Entering, the 2017 season, All Star outfielder Mookie Betts last struck out during a regular season game on September 12, 2016 against the Baltimore Orioles and Oliver Drake before next whiffing against the Toronto Blue Jays’ Francisco Liriano on April 17, 2017—a streak of 129 plate appearances. Given the age of power pitching and free swinging hitters, this is a truly amazing feat.

Bobby Sprowl was a highly touted pitching prospect in 1978. The left-hander was the team’s second-round selection the year before and had posted a 2.10 ERA in his first season in the minors. Unfortunately, during spring training he was accidentally shot in the (right) arm while inside his Winter Haven, Florida apartment after his neighbor’s gun accidentally discharged and a bullet went through the wall. He recovered quickly and went on to win 16 minor league games that year before appearing in three Boston games at the end of the season. Unfortunately, that was his only season in Boston and he never recorded a major league win in parts of four years as a big leaguer.

Jack Rothrock played parts of eight seasons (1925-32) in a Red Sox uniform. Besides hitting .300 in 1929, he is perhaps best known for playing a different position for five consecutive Opening Days with the team.  Between 1928 and 1932, he manned shortstop, center field, right field, third base and left field on successive first games of the year.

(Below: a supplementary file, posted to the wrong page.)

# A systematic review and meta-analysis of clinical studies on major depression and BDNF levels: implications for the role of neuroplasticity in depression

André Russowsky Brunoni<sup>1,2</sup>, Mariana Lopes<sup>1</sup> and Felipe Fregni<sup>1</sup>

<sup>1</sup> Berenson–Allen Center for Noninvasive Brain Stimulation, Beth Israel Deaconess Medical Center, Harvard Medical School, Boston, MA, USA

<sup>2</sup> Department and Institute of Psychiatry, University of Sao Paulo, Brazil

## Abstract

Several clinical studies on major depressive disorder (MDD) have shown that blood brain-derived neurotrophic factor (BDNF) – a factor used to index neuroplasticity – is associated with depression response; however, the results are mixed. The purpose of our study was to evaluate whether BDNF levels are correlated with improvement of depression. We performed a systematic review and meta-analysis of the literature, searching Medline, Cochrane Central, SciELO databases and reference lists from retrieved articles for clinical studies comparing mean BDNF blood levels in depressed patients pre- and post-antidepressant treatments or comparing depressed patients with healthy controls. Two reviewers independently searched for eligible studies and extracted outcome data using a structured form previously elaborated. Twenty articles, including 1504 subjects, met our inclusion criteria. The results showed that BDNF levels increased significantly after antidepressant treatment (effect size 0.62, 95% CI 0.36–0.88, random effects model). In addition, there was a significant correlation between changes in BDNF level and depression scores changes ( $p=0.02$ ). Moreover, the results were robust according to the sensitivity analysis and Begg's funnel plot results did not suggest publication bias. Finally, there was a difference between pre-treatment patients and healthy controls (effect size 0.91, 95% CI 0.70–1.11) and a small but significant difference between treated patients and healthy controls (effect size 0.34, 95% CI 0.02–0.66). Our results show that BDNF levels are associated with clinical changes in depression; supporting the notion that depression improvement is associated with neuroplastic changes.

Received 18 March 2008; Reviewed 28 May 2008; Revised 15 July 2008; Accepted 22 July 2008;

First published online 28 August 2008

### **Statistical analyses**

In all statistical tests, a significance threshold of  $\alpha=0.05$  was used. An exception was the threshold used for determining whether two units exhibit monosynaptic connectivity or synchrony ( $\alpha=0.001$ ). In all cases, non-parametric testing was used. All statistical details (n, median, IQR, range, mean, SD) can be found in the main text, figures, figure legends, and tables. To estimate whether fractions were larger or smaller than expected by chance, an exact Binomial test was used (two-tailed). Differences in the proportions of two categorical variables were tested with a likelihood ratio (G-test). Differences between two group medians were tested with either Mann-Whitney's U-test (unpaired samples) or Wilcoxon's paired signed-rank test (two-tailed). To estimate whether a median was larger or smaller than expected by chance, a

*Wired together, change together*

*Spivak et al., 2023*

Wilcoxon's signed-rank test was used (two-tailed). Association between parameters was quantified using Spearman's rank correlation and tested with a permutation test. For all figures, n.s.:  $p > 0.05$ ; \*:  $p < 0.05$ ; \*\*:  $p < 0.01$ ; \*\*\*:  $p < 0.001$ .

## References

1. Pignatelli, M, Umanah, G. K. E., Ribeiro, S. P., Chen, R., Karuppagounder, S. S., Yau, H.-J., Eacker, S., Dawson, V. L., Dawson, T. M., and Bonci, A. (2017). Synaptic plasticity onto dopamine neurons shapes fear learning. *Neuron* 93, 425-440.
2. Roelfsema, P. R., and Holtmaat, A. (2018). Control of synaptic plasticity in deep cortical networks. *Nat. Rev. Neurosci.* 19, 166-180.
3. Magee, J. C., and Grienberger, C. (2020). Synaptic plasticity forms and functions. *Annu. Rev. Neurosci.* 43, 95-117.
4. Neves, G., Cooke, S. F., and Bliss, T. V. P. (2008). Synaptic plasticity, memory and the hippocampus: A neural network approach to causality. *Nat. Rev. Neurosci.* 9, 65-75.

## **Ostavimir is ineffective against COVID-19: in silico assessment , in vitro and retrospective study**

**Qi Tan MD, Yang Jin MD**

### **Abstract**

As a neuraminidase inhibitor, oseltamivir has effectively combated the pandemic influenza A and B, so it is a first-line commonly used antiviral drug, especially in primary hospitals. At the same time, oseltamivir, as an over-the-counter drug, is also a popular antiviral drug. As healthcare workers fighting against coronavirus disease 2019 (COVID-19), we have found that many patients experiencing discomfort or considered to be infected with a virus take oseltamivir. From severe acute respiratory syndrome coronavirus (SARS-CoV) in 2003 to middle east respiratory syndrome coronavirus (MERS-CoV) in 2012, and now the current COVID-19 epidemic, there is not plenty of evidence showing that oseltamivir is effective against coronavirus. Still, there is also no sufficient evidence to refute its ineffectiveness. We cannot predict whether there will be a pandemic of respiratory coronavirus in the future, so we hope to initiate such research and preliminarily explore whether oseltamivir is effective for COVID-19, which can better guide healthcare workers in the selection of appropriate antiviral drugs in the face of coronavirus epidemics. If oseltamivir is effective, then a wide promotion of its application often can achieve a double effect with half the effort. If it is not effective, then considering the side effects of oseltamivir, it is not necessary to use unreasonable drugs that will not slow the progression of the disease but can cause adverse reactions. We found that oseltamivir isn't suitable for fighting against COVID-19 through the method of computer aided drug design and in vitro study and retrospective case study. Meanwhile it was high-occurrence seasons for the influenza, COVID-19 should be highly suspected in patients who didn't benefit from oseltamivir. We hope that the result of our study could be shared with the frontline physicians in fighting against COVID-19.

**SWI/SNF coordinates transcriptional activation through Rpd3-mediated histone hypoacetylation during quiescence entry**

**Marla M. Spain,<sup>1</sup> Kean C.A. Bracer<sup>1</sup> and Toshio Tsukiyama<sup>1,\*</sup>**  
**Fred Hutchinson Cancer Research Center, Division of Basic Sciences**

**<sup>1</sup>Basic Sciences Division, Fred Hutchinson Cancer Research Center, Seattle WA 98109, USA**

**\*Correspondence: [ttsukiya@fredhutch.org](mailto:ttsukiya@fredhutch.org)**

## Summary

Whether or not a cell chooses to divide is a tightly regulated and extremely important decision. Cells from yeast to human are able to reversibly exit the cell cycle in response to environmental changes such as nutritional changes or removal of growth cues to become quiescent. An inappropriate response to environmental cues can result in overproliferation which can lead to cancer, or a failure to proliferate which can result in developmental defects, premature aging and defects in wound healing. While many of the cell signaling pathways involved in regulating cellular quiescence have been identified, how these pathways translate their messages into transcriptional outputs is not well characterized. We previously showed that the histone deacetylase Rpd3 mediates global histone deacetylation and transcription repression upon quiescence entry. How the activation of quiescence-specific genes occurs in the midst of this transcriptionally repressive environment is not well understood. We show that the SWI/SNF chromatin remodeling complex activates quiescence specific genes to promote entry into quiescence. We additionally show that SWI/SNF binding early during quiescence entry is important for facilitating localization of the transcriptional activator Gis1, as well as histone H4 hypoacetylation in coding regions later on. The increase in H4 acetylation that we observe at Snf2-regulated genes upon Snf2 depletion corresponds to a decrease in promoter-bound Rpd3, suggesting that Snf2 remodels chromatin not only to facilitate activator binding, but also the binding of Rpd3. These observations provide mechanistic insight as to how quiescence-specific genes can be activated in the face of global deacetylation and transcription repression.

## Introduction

Current Boston closer Craig Kimbrel has a fastball he consistently throws in the upper 90s. He credits this ability in part to a broken foot he suffered at the age of 18 when a panel of sheet-rock was accidentally dropped on his foot at a construction site he was working with his father. He went off to Wallace Community College that and performed a training regimen that included throwing from his knees while he was forced to be off his feet. This added to his arm strength and helped make him one of the most dominant pitchers in the game today.

The number worn most often on the Boston Red Sox has been 28 (worn by 56 different players). Most recently, reliever Robbie Ross has had 28 on the back of his uniform.

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Sunday, April 16, 2017